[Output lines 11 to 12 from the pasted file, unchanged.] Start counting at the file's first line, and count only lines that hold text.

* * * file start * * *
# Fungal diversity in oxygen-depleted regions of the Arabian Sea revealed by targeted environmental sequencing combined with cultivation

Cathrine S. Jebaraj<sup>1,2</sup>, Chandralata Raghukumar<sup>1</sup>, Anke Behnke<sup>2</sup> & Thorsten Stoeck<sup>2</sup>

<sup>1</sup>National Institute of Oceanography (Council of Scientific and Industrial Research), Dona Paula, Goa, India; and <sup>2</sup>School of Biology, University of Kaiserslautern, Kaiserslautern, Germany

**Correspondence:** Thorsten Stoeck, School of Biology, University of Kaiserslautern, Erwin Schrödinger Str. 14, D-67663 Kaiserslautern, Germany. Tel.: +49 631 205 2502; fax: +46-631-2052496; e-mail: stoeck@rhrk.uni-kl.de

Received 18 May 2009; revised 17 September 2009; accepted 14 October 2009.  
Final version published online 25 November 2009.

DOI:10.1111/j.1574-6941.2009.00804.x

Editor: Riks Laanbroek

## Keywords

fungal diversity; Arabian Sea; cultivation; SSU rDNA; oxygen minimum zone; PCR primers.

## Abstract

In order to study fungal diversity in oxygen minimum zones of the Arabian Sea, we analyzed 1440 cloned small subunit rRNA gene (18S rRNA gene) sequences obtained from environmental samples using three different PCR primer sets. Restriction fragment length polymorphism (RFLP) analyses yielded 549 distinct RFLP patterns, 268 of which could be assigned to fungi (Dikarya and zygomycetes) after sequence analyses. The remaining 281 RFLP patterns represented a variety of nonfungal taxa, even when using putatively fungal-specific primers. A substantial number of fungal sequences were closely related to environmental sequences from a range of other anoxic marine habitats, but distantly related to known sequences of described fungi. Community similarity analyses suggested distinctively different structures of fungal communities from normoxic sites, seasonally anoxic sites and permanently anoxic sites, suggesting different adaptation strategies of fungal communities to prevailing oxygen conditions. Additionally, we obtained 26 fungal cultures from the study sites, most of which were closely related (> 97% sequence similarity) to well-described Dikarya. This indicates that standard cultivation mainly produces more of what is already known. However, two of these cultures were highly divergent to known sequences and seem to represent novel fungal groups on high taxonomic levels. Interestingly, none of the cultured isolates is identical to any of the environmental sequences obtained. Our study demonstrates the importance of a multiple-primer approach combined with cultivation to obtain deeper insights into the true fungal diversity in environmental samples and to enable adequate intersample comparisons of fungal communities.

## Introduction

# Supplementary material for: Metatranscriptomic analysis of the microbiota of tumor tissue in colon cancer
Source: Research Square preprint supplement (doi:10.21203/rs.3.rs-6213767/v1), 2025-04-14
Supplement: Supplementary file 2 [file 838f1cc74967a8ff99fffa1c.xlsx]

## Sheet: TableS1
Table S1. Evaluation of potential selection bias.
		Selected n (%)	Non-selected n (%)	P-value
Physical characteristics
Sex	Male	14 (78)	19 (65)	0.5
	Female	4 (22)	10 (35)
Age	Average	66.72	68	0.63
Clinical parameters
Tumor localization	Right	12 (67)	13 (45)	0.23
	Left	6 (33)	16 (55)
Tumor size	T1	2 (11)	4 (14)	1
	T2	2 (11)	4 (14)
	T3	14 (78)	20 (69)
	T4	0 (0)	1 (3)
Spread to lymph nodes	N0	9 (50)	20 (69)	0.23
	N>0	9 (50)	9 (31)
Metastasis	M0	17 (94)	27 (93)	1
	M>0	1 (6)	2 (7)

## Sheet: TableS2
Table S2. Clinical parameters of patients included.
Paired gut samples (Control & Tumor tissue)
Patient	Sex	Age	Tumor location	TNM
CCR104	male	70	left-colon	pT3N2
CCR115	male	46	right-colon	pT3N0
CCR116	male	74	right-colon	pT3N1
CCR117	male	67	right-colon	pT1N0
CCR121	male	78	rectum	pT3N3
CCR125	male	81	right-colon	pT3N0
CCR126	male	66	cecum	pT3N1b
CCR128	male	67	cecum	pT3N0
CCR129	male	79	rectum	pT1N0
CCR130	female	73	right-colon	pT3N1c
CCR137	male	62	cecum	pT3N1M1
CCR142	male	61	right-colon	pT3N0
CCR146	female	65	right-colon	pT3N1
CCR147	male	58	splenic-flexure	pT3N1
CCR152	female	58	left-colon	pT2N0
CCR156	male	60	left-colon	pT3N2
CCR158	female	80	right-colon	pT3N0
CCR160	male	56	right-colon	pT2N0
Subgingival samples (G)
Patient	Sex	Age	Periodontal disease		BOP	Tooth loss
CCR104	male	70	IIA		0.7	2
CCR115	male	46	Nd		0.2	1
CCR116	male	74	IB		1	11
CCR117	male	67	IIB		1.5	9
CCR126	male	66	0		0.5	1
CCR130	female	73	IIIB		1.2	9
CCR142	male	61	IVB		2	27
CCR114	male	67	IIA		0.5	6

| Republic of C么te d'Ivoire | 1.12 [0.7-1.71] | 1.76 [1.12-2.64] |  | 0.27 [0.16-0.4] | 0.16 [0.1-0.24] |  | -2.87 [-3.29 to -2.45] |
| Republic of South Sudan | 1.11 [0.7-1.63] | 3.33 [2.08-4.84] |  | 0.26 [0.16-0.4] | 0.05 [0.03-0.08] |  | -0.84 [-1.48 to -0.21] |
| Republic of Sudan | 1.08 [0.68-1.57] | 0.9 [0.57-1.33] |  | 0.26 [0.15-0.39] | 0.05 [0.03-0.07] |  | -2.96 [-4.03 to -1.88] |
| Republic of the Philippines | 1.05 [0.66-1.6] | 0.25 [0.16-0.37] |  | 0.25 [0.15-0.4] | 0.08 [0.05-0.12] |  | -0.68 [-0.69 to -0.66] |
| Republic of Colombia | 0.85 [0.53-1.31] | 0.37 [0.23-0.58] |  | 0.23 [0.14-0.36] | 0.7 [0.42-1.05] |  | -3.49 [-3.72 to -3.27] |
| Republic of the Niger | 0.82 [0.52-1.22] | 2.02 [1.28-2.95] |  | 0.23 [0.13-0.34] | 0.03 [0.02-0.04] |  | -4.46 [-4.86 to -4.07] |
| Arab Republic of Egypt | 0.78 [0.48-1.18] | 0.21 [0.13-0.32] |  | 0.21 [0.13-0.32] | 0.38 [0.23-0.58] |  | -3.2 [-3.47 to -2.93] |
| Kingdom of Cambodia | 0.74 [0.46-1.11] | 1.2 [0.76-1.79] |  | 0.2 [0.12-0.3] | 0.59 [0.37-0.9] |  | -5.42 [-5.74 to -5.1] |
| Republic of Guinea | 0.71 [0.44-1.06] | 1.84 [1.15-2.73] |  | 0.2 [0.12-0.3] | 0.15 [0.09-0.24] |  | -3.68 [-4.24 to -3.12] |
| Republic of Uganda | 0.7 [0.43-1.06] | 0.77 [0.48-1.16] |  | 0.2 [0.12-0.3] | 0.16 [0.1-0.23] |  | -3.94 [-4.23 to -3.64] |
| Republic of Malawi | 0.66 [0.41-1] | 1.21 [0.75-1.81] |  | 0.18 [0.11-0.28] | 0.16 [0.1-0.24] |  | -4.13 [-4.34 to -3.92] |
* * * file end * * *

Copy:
## Abstract

In order to study fungal diversity in oxygen minimum zones of the Arabian Sea, we analyzed 1440 cloned small subunit rRNA gene (18S rRNA gene) sequences obtained from environmental samples using three different PCR primer sets. Restriction fragment length polymorphism (RFLP) analyses yielded 549 distinct RFLP patterns, 268 of which could be assigned to fungi (Dikarya and zygomycetes) after sequence analyses. The remaining 281 RFLP patterns represented a variety of nonfungal taxa, even when using putatively fungal-specific primers. A substantial number of fungal sequences were closely related to environmental sequences from a range of other anoxic marine habitats, but distantly related to known sequences of described fungi. Community similarity analyses suggested distinctively different structures of fungal communities from normoxic sites, seasonally anoxic sites and permanently anoxic sites, suggesting different adaptation strategies of fungal communities to prevailing oxygen conditions. Additionally, we obtained 26 fungal cultures from the study sites, most of which were closely related (> 97% sequence similarity) to well-described Dikarya. This indicates that standard cultivation mainly produces more of what is already known. However, two of these cultures were highly divergent to known sequences and seem to represent novel fungal groups on high taxonomic levels. Interestingly, none of the cultured isolates is identical to any of the environmental sequences obtained. Our study demonstrates the importance of a multiple-primer approach combined with cultivation to obtain deeper insights into the true fungal diversity in environmental samples and to enable adequate intersample comparisons of fungal communities.